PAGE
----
The post-hire benefits of skills-based hiring can transcend individual companies, and even industries, to quickly locate available, transferable talent. 

4. Fewer mis-hires 

According to a 2017 CareerBuilder Survey, 74% of employers say they hired the wrong person for a job.[9] Not so surprisingly, picking an unqualified candidate for the job can cost employers significant time and money. 

Mis-hiring also means employers are wasting time onboarding, training, and managing the poor performance of unfit employees, on top of all of the time already spent reviewing their resumes, cover letters, and interviewing them.

In our State of Skills-Based Hiring Report for 2022, 92.7% of companies reported reductions in mis-hires when using a skills-based hiring approach. Skills-based assessments can reduce mis-hiring and speed up the hiring process by: 

  • Eliminating the guesswork that comes from processing resumes and focusing on university names or past career titles. With skills tests, candidates who may have leaned on their history instead of their abilities can be easily identified and removed from consideration. 
  • Avoiding recruitment bias and the potential for mis-hiring unskilled candidates. Skills-based assessments focus on the candidate’s skills instead of physical, cultural, or financial factors that are prone to bias. 
  • Comparing candidate scores to benchmarks set by current employees to make sure that new hires can keep up with the quality of work that is being done by their peers. Skills tests can quickly predict whether or not a candidate can keep up with the rest of the team. 
  • Identifying where a candidate may fall short in one role, but may have the skills to succeed in another. Skills-based hiring can help you hire the right candidates for the right positions. 

5. Reduced candidate ghosting 

Candidates who ghost companies can cause major disruptions across an organization, according to Sarah Smart, Vice President of Global Recruitment at Hilton in McLean, VA.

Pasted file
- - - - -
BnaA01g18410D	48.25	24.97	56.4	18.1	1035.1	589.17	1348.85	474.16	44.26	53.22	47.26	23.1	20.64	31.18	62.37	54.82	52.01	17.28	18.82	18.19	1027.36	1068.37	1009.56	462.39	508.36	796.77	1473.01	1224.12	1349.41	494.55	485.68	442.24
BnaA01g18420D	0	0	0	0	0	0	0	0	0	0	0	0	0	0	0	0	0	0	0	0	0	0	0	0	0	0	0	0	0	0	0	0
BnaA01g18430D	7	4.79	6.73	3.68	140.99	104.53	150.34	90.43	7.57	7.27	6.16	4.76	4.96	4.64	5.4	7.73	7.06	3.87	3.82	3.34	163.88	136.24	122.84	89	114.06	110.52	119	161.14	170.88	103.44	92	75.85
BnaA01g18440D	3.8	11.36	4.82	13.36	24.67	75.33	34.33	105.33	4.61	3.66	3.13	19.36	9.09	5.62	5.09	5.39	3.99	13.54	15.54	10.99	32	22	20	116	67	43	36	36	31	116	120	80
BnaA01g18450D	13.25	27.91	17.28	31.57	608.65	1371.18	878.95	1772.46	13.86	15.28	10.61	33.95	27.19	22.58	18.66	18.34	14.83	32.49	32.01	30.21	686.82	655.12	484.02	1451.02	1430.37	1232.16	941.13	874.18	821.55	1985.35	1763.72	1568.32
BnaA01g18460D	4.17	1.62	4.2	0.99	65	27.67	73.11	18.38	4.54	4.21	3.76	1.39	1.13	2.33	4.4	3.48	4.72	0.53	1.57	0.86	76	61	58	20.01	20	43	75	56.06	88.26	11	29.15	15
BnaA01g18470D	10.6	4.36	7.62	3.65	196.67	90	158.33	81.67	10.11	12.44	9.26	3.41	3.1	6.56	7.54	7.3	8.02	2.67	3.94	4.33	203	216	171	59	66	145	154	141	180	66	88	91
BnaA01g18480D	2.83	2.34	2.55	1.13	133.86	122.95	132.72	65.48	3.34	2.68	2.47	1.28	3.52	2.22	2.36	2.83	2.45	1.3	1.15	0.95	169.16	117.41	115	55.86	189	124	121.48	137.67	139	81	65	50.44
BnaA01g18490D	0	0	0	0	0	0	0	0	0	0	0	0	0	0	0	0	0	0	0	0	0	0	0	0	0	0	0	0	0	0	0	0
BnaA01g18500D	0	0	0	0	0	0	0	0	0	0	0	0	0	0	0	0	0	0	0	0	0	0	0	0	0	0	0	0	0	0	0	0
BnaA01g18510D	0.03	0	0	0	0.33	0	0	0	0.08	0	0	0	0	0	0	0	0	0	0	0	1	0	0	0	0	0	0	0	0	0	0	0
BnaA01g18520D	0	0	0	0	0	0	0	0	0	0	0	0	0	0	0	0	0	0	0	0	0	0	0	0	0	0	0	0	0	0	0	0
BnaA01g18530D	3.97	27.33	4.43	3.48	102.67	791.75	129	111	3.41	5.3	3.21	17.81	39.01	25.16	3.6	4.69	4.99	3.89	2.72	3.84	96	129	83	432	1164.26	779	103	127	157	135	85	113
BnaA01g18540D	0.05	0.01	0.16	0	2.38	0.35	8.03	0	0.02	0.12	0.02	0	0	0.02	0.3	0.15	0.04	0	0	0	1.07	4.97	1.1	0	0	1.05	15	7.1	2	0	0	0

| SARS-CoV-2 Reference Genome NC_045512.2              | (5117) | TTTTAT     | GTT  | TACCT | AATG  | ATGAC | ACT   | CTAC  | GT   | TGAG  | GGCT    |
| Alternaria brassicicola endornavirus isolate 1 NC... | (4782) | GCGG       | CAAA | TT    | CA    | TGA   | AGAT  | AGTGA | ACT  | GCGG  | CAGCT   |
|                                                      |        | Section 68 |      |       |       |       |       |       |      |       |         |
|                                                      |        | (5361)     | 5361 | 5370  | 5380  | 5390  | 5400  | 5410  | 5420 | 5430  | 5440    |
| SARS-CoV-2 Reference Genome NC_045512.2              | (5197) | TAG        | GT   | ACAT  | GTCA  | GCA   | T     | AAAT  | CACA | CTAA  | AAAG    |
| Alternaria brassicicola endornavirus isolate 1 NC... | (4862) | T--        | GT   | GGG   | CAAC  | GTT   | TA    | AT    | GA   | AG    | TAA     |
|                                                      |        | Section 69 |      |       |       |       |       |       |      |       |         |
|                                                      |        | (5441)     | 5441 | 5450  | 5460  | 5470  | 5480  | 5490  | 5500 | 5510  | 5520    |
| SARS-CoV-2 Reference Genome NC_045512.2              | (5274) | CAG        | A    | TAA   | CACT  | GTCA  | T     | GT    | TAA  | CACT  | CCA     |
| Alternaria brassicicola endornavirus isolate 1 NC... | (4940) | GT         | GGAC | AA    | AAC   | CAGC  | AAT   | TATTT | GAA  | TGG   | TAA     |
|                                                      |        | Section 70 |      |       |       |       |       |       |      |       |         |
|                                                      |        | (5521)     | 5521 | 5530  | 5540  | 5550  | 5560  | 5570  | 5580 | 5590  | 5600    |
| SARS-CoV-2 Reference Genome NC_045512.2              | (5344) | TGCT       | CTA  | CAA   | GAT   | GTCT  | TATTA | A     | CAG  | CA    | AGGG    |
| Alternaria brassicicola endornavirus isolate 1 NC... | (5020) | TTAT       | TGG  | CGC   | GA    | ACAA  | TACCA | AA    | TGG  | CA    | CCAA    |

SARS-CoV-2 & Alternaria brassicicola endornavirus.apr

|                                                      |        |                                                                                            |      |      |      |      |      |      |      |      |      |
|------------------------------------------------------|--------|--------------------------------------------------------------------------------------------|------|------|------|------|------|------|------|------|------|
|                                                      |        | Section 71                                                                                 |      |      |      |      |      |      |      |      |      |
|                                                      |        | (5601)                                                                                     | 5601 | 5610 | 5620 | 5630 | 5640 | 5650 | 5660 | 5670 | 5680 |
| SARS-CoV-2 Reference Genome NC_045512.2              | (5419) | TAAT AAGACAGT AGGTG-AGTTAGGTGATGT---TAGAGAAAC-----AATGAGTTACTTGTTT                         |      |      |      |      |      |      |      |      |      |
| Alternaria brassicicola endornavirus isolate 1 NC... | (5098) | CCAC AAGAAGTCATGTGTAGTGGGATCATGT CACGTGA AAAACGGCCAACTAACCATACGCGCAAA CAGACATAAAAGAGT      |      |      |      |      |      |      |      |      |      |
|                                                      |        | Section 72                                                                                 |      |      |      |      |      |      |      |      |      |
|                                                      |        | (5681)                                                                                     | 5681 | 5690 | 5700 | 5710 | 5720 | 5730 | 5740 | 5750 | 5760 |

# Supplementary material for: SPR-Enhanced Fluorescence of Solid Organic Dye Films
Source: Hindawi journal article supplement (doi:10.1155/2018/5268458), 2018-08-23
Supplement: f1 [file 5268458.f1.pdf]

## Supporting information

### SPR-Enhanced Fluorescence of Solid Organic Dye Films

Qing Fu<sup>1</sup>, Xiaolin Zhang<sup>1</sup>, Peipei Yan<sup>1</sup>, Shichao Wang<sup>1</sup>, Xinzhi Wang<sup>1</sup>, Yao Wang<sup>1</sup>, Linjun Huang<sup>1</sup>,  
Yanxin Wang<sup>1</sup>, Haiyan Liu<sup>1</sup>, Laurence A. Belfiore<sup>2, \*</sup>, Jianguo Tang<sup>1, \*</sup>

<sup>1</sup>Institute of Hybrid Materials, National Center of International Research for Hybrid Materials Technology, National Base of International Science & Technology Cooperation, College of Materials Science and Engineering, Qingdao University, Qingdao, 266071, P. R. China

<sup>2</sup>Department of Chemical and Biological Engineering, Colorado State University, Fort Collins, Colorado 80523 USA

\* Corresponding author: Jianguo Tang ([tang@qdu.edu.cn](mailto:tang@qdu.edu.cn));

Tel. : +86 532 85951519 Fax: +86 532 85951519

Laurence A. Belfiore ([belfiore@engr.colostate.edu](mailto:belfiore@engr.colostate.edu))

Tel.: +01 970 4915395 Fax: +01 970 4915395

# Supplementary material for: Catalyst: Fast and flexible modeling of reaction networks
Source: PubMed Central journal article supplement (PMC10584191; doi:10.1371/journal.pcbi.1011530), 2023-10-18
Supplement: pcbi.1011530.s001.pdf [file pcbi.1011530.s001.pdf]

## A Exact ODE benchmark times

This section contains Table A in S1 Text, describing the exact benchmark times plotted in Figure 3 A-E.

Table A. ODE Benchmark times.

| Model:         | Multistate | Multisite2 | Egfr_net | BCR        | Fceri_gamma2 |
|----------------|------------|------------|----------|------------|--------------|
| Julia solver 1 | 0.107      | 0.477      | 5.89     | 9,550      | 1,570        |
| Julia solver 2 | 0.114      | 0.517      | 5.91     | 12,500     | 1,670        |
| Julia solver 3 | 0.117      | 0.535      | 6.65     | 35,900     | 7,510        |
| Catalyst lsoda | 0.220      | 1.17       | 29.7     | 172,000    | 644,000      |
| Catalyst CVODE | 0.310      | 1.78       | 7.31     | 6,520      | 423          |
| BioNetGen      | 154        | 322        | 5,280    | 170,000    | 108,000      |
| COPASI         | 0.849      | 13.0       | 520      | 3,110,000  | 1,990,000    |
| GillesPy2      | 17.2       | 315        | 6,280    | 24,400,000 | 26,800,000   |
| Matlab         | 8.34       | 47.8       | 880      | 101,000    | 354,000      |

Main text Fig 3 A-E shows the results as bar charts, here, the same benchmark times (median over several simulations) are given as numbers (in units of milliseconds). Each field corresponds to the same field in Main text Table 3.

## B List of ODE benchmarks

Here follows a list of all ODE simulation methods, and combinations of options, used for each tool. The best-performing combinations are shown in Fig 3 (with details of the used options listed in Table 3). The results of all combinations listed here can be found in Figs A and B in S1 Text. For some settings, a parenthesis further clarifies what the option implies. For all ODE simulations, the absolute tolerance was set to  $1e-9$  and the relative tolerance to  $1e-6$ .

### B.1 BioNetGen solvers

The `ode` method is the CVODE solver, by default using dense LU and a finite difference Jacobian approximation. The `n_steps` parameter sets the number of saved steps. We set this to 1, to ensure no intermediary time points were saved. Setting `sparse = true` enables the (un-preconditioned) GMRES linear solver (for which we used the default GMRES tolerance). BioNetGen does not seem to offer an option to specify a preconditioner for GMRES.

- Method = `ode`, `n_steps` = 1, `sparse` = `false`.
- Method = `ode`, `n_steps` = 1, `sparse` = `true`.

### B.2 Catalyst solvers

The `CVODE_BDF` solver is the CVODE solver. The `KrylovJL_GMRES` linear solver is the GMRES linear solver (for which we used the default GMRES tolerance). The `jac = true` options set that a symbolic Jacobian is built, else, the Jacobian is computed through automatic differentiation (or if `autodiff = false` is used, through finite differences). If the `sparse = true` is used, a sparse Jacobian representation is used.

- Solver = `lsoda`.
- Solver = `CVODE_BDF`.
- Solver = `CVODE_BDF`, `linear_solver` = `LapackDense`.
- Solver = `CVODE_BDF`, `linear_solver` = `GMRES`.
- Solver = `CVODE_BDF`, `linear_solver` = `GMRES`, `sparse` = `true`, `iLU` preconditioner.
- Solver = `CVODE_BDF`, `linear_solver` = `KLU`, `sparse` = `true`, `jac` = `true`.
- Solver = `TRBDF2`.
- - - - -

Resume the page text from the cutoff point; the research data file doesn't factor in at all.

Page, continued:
A business head might think that they’re ready to launch a project, HR may have closed the position prematurely, driving away other candidates, or a recruiter might think that their work is done but has to start all over again. Any one of these hiccups can cause major delays in the hiring process, let alone all of them at once. 

Also, not enough HR teams advertise open positions with a defined compensation range or an explanation of what the day-to-day responsibilities of the role are. This causes many candidates to jump ship once they get all of the relevant information further into a broken hiring process

Skills-based hiring reduces candidate ghosting by: 

  • Shortening the hiring process to keep hiring on track, instead of stringing candidates along until they decide to ghost. 
  • Improving the candidate’s experience by giving them the opportunity to demonstrate their skills through assessments or paid trials. Our State of Skills Based Hiring report shows that employees actually prefer skills-based hiring to traditional hiring methods because they feel more engaged in the process.
  • Empowering recruiters and hiring managers to provide candidates with feedback as soon as possible so the process can move forward efficiently and candidates are aware of how they are performing. 
  • Communicating to candidates that the company values culture add over culture fit. There is a common misconception that having a strong company culture means hiring people that all think and feel the same way. In fact, this strategy, known as “culture fit,” often leads to groupthink, lack of innovation, and bias.